Early Modern England’s Social “Bag of Tricks”

by Dorie Perez

“I’d sit at the back of the room to present this paper,” said Rhea Riegel, a doctoral student in the Interdisciplinary Humanities graduate group and a 2014-2015 Center for the Humanities Graduate Fellow, “but that’s not what a real trickster does.” Real tricksters, like the infamous literary figures Puck from the plays of William Shakespeare and Robin Goodfellow, the archetype that Robin Hood is based on, do their dastardly deeds with an eye towards the future. Riegel says they offer an example of alternative behaviors where social change fosters a rethinking of social roles during moments of upheaval. Tricksters do the important work of challenging or, invariably, reinforcing social roles and morays that the public must then reproduce.

Riegel’s work on Early Modern English literature includes the literary canon of Robin Hood, known to 17th Century readers as Robin Goodfellow. Robin Goodfellow’s “punishment” for bad behavior is to reset “wrongs” – lecherous uncles are whipped and bawdy women dunked in duck ponds to the delight of spectators learning a collective lesson. Humor itself is seen by scholars like Riegel as setting up social conditions for commentary or a rethinking of codified relations. The types of humor that tricksters use are up-ending, but not the full satirization of current events that the modern reader may be accustomed to. Satirical activism as a brand of humor is distinct from situation comedy. Whereas satire disrupts, comedy reaffirms social “truths”. Allegorical tales of lessons learned – Robin Goodfellow punishes rather than scolds, acts rather than relays messages like angels and other divine messengers – making his role in Western literary tradition social rather than based on religious canon or politically attuned to current events of the Early Modern era. His actions serve, in the Foucauldian sense, as correctives of behavior, a task seen as a shared social responsibility.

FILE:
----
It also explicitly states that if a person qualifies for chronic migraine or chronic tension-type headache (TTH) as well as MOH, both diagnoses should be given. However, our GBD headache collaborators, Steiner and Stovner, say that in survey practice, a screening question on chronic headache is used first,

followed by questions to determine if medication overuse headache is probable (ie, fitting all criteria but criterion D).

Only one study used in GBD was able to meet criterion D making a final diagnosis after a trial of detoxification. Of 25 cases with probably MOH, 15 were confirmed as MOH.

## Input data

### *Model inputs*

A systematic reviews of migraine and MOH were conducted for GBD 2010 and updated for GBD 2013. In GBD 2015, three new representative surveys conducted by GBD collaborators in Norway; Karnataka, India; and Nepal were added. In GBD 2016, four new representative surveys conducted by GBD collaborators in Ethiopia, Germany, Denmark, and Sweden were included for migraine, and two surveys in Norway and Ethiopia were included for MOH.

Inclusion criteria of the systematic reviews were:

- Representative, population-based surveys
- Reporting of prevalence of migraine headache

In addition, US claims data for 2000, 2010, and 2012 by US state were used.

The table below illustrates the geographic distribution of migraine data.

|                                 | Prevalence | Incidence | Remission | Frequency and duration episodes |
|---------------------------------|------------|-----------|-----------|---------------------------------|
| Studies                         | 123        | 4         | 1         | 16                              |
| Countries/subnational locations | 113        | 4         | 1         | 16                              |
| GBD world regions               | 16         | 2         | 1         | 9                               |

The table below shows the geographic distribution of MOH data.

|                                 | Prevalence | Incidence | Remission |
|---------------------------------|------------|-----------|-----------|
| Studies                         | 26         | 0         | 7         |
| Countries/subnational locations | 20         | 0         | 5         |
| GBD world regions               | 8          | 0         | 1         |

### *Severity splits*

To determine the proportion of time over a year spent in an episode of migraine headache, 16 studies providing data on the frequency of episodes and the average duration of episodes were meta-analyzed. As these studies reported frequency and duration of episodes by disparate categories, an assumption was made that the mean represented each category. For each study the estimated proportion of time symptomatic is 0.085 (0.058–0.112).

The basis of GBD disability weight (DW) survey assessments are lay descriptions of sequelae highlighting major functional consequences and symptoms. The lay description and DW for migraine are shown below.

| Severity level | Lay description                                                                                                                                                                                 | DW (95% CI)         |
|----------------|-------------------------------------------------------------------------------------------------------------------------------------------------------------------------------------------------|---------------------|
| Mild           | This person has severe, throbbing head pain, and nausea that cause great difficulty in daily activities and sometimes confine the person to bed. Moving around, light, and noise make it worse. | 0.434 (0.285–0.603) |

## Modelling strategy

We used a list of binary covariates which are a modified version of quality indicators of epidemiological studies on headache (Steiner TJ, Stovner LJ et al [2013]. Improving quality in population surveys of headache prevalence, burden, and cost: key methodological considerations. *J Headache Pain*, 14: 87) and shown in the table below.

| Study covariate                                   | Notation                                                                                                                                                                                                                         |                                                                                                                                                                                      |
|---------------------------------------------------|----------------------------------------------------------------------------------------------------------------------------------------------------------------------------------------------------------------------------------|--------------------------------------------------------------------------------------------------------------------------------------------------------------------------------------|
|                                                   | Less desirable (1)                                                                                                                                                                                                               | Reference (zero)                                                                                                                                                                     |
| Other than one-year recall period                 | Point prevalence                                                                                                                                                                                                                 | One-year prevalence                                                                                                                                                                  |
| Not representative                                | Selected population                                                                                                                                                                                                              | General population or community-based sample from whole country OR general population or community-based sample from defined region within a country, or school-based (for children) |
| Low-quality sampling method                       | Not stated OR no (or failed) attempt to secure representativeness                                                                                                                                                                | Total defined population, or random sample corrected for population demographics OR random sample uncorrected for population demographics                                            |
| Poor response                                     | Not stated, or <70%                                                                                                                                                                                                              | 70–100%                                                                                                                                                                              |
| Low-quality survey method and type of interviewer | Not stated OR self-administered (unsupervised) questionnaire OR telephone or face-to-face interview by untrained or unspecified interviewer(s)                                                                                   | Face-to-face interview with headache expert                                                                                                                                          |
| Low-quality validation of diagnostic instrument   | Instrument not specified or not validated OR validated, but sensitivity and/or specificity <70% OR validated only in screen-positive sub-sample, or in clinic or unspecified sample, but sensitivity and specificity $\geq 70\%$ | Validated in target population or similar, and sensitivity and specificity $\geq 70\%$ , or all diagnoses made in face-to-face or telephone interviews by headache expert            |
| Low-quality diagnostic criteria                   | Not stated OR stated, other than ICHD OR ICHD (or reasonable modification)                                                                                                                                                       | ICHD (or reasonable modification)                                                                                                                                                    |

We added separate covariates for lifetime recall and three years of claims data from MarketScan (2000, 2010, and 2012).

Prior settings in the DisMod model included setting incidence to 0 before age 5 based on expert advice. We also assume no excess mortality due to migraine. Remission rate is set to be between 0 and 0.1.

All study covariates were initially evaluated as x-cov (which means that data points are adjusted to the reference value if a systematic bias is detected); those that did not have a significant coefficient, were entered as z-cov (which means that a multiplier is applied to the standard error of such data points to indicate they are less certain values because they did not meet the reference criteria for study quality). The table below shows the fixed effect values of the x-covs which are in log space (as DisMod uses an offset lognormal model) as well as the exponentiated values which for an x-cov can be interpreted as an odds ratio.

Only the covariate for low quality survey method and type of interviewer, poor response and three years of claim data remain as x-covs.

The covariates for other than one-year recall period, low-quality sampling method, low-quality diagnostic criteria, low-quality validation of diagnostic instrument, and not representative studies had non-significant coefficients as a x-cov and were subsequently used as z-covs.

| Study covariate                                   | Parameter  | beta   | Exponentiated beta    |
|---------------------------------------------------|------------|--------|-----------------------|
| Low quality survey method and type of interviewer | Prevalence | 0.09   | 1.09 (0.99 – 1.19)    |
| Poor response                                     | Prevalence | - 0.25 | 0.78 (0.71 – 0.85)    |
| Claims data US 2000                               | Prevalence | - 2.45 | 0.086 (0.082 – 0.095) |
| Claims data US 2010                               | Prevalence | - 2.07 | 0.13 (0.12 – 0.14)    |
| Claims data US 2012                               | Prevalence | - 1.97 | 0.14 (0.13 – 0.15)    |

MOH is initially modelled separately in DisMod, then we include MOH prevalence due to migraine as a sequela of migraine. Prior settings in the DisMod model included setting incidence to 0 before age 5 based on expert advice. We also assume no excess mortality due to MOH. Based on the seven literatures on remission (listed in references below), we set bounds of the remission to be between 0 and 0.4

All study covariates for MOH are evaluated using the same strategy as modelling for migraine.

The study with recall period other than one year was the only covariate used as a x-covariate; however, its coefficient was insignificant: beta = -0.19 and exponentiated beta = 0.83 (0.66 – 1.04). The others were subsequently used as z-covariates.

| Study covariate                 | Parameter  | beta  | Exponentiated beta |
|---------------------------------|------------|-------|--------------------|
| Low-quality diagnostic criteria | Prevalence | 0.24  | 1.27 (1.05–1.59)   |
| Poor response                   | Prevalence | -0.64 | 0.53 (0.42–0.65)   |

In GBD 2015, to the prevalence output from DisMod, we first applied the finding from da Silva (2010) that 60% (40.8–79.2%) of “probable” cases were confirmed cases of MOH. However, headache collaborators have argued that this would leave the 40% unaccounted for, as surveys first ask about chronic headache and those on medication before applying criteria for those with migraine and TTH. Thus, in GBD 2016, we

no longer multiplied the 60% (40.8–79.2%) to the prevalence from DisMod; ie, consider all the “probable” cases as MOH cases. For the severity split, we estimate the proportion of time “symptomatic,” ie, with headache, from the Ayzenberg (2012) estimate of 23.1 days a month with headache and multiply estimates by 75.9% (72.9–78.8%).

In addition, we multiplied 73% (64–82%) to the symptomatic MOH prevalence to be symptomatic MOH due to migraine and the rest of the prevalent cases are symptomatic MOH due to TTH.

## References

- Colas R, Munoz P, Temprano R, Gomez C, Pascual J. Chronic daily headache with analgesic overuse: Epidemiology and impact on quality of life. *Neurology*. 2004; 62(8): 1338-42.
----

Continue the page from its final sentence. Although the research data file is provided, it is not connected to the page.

Another trickster figure Riegel centers her study on is that of Moll Cutpurse, a composite character purportedly based on a real figure in history who challenged gender norms by dressing in masculine clothing to trick unsuspecting targets. Cutpurse becomes the embodiment of changing gender norms during a period of intense social upheaval. The events of the 17th Century in England were incredibly disruptive; the English Civil War, religious strife among warring Catholics and Protestants, the Great Fire of London and the death of Charles I on the orders of a newly-empowered Parliament served as unsteady social ground to negotiate. Trickster figures flourished in the work of William Shakespeare and his contemporaries as ways to reorient audiences to a dynamic reality of changing norms they would then need to make sense of.

Monsters and a “Good Old Fashioned Apocalypse”

by Marieka Arksey

The word monster, deriving from words meaning reveal or display, is appropriately chosen by David Castillo of SUNY Buffalo as a vector through which to explore the social, political, and economic contexts producing horror fiction throughout the past 400 years.  In the 17th century, monsters were associated with aberrations of the natural order, health and the authority of rulership.  Yet despite the fear they inspire, monsters are also the subject of curiosity; beings that embody the liminal spaces between certainty and doubt, apprehension and fascination.  As this liminal entity and as a representation of the human body in an altered state, they are ideal forms through which to explore forbidden or taboo subjects, and for creating a mirror upon which the less desirable aspects of our selves are reflected.